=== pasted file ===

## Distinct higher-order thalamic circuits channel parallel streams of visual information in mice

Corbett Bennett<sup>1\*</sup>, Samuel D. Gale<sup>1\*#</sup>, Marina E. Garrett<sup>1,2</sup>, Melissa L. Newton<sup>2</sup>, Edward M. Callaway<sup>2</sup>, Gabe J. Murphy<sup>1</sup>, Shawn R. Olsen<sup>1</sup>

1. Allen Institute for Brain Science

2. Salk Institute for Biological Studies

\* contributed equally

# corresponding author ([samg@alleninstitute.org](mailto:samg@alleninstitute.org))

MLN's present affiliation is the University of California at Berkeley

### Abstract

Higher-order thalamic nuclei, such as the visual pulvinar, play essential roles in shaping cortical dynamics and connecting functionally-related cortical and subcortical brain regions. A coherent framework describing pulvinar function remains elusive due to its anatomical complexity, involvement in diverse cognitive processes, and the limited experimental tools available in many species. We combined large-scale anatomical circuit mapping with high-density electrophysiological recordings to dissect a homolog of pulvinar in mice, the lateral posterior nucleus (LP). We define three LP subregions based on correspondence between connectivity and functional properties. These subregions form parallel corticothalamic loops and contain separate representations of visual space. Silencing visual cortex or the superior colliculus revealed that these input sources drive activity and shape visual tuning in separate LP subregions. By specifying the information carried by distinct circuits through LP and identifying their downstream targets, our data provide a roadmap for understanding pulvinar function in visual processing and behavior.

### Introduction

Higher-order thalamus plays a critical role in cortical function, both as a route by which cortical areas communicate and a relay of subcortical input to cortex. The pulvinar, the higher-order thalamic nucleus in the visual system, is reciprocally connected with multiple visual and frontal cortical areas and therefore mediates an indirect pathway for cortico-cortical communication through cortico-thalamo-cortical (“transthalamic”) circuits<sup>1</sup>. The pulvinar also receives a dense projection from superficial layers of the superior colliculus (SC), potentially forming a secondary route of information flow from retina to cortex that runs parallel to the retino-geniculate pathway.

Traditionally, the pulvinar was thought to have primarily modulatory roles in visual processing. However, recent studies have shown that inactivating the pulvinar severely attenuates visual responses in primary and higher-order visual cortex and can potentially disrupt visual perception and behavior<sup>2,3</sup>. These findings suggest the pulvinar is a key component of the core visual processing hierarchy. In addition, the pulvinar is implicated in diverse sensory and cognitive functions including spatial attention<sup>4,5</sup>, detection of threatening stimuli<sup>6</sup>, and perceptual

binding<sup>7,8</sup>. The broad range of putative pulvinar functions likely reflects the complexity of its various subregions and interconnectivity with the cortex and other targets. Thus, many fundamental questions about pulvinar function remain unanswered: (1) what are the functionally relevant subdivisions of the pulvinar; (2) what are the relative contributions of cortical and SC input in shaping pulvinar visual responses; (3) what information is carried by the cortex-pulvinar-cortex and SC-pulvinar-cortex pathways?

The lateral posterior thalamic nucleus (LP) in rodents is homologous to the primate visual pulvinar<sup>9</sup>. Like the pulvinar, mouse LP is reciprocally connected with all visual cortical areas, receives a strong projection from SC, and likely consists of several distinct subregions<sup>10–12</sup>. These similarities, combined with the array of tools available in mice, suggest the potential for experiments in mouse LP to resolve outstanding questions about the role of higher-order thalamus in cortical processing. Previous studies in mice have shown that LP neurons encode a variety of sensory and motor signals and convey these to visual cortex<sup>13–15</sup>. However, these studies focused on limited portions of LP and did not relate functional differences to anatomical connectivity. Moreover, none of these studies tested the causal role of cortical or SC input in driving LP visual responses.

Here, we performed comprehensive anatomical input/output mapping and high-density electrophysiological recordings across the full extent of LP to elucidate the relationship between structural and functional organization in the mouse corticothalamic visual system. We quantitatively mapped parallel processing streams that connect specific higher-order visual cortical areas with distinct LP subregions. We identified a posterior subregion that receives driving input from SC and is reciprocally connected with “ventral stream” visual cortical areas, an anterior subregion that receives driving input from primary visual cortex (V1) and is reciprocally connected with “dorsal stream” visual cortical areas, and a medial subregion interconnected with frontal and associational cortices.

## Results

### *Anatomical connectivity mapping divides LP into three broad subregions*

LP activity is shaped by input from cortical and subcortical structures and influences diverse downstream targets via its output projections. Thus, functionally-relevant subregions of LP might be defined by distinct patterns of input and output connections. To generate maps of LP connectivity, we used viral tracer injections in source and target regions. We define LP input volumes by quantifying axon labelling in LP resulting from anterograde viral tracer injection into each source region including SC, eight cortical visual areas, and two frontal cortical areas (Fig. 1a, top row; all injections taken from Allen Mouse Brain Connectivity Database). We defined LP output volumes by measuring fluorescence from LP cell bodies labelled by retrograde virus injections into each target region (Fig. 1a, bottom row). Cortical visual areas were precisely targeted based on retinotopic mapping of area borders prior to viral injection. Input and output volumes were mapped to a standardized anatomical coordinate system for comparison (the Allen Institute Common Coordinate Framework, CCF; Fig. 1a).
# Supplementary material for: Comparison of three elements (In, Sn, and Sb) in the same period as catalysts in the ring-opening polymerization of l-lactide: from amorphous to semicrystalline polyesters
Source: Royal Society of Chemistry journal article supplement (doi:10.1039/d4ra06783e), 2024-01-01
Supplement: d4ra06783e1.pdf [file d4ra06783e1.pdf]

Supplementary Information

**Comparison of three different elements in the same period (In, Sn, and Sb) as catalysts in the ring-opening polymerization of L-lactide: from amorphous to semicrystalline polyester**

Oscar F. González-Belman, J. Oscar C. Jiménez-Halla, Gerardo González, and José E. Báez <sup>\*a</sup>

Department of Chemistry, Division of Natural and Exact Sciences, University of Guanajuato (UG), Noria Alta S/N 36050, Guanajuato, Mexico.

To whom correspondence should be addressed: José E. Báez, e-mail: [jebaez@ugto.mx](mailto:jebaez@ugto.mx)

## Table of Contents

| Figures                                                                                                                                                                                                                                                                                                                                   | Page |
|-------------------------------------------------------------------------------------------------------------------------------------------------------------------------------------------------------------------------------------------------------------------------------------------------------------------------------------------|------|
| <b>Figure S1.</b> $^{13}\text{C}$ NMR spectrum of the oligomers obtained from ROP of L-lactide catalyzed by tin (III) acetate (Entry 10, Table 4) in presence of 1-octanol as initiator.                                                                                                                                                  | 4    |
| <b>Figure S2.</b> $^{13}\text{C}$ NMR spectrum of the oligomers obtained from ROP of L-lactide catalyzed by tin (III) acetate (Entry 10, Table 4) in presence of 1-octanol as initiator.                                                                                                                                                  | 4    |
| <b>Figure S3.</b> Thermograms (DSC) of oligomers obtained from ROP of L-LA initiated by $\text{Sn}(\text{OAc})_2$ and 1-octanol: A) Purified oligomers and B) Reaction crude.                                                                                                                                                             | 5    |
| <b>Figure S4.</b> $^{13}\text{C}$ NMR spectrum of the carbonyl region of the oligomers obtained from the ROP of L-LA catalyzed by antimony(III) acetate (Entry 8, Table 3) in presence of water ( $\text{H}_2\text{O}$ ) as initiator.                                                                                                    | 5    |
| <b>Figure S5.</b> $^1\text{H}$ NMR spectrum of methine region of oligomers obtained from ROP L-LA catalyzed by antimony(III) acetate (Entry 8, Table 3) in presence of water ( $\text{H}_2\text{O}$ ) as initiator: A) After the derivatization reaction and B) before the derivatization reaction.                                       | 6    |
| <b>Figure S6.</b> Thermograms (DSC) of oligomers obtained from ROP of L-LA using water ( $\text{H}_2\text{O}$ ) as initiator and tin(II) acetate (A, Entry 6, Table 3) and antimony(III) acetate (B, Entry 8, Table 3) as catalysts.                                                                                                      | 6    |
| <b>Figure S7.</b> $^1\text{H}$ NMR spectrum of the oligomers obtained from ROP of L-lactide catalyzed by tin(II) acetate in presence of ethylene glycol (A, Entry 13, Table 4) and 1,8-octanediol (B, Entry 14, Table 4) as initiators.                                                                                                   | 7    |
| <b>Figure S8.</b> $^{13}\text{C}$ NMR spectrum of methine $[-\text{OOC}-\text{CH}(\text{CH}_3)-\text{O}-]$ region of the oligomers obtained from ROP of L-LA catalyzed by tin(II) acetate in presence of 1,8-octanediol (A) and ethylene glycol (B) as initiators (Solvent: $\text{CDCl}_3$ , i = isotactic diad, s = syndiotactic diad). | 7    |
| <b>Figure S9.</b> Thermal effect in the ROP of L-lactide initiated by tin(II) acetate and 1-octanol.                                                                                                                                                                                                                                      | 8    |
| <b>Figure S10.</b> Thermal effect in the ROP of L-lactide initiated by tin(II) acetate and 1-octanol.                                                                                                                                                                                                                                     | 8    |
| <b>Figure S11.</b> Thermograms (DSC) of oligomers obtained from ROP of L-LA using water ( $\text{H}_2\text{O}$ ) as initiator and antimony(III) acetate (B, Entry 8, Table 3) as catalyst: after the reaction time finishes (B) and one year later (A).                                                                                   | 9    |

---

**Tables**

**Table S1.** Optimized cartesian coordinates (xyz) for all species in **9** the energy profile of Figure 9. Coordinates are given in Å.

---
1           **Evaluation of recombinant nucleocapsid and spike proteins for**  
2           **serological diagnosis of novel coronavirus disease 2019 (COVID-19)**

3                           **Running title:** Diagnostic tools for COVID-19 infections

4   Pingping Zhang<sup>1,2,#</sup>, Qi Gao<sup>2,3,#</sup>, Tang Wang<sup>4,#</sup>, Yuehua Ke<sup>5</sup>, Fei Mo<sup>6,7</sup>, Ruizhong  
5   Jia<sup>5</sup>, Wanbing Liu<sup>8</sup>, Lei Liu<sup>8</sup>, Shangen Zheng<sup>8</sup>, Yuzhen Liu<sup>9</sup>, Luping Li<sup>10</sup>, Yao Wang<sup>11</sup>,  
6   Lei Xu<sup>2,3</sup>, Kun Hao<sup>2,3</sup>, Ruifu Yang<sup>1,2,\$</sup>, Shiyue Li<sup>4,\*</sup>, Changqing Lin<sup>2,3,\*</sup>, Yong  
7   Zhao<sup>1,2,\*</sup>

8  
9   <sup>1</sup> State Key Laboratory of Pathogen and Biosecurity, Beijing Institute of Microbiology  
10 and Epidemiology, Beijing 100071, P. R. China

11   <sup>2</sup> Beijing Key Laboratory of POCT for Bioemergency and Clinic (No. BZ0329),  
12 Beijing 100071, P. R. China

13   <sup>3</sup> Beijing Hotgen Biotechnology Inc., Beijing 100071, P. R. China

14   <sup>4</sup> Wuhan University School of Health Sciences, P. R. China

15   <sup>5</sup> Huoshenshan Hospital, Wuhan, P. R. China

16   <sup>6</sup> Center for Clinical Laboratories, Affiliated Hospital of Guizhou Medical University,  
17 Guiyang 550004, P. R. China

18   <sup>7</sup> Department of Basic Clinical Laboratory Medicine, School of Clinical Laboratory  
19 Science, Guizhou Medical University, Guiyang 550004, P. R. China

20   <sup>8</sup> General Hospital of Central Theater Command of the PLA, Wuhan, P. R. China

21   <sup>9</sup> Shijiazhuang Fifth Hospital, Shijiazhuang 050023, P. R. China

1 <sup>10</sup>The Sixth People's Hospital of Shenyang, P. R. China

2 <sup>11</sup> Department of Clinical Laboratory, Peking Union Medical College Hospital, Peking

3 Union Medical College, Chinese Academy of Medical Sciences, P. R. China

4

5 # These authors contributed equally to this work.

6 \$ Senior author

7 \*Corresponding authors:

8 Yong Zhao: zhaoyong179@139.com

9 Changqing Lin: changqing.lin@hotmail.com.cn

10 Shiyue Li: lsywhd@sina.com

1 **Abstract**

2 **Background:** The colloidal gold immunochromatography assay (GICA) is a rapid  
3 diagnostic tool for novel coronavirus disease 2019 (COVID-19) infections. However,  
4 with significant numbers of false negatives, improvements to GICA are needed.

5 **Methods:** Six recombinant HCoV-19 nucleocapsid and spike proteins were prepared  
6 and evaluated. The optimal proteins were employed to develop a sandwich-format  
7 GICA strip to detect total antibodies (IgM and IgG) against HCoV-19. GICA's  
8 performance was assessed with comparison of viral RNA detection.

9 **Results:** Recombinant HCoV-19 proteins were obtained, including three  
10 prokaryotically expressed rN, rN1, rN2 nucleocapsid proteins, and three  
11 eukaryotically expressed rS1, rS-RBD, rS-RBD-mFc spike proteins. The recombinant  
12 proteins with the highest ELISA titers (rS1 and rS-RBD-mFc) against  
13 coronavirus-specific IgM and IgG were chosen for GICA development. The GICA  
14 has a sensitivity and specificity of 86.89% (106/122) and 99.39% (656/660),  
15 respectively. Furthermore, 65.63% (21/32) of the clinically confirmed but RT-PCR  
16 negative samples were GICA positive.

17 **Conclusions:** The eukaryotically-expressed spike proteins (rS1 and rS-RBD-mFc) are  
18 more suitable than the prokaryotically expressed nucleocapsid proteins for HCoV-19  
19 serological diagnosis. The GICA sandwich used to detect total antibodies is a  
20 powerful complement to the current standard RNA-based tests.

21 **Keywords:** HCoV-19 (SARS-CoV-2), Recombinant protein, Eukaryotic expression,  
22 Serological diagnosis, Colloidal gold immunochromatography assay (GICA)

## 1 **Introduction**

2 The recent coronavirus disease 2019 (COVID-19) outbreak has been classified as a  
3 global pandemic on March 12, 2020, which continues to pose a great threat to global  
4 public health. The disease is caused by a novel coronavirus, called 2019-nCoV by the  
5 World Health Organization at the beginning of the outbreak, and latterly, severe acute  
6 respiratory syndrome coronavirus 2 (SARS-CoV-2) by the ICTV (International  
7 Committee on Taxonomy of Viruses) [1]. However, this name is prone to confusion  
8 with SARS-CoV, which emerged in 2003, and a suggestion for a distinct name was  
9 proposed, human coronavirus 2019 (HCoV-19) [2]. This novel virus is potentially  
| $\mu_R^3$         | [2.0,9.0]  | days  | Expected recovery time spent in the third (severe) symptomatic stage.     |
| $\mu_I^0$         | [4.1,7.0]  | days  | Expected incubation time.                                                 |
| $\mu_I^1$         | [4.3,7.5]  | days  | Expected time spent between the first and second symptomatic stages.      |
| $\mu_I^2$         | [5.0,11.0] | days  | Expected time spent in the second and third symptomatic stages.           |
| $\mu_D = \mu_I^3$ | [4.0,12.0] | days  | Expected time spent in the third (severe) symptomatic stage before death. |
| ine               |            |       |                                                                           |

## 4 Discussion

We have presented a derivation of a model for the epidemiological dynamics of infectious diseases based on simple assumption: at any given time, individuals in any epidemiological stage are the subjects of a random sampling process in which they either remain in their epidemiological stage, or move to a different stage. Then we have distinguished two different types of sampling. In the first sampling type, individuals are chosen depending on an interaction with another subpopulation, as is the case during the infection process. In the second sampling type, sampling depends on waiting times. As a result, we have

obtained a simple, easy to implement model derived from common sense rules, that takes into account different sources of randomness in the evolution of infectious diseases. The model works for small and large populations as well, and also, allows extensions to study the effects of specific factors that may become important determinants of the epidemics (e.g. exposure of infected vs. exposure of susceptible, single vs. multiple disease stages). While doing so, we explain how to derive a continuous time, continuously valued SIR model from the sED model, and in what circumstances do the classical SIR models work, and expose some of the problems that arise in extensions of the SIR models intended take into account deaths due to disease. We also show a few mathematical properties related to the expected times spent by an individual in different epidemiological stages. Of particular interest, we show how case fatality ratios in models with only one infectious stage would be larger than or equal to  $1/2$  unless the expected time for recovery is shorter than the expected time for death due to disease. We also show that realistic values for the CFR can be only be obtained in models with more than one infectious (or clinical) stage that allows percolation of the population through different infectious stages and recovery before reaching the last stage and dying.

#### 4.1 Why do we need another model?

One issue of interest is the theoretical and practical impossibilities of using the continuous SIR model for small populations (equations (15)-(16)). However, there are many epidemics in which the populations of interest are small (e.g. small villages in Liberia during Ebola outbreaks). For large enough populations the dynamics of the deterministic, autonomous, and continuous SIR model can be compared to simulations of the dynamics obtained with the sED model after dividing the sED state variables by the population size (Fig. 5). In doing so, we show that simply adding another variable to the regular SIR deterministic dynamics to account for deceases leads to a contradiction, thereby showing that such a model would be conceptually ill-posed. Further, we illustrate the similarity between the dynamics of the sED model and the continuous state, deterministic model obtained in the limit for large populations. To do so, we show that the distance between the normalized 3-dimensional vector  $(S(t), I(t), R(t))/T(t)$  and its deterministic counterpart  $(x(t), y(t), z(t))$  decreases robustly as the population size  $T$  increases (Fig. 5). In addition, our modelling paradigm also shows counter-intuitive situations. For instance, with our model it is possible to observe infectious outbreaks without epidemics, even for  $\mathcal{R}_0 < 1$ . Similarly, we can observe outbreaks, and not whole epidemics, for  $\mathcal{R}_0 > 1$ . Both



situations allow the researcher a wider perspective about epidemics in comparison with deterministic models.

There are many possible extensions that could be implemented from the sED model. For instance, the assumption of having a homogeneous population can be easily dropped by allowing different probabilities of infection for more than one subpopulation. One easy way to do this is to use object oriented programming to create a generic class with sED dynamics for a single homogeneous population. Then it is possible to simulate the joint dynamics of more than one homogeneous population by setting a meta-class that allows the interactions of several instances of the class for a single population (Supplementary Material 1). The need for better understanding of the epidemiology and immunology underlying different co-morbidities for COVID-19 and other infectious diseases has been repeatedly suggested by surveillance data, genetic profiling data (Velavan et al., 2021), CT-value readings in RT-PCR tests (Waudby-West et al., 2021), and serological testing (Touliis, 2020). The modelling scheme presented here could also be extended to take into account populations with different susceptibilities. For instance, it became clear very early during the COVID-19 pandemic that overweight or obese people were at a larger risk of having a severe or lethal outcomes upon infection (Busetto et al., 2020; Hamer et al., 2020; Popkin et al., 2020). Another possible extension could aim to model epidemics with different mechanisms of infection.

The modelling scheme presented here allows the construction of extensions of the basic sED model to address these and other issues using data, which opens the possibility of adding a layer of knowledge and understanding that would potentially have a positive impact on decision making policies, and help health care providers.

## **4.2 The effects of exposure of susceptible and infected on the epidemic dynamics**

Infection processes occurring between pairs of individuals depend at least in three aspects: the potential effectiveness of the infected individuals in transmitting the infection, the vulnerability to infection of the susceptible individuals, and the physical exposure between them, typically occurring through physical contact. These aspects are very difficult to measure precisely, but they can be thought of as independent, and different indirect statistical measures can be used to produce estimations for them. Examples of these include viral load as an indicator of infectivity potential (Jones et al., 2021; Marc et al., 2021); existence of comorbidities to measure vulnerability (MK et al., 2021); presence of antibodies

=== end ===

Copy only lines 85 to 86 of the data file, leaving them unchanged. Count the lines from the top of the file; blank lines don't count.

10 prokaryotically expressed rN, rN1, rN2 nucleocapsid proteins, and three  
11 eukaryotically expressed rS1, rS-RBD, rS-RBD-mFc spike proteins. The recombinant  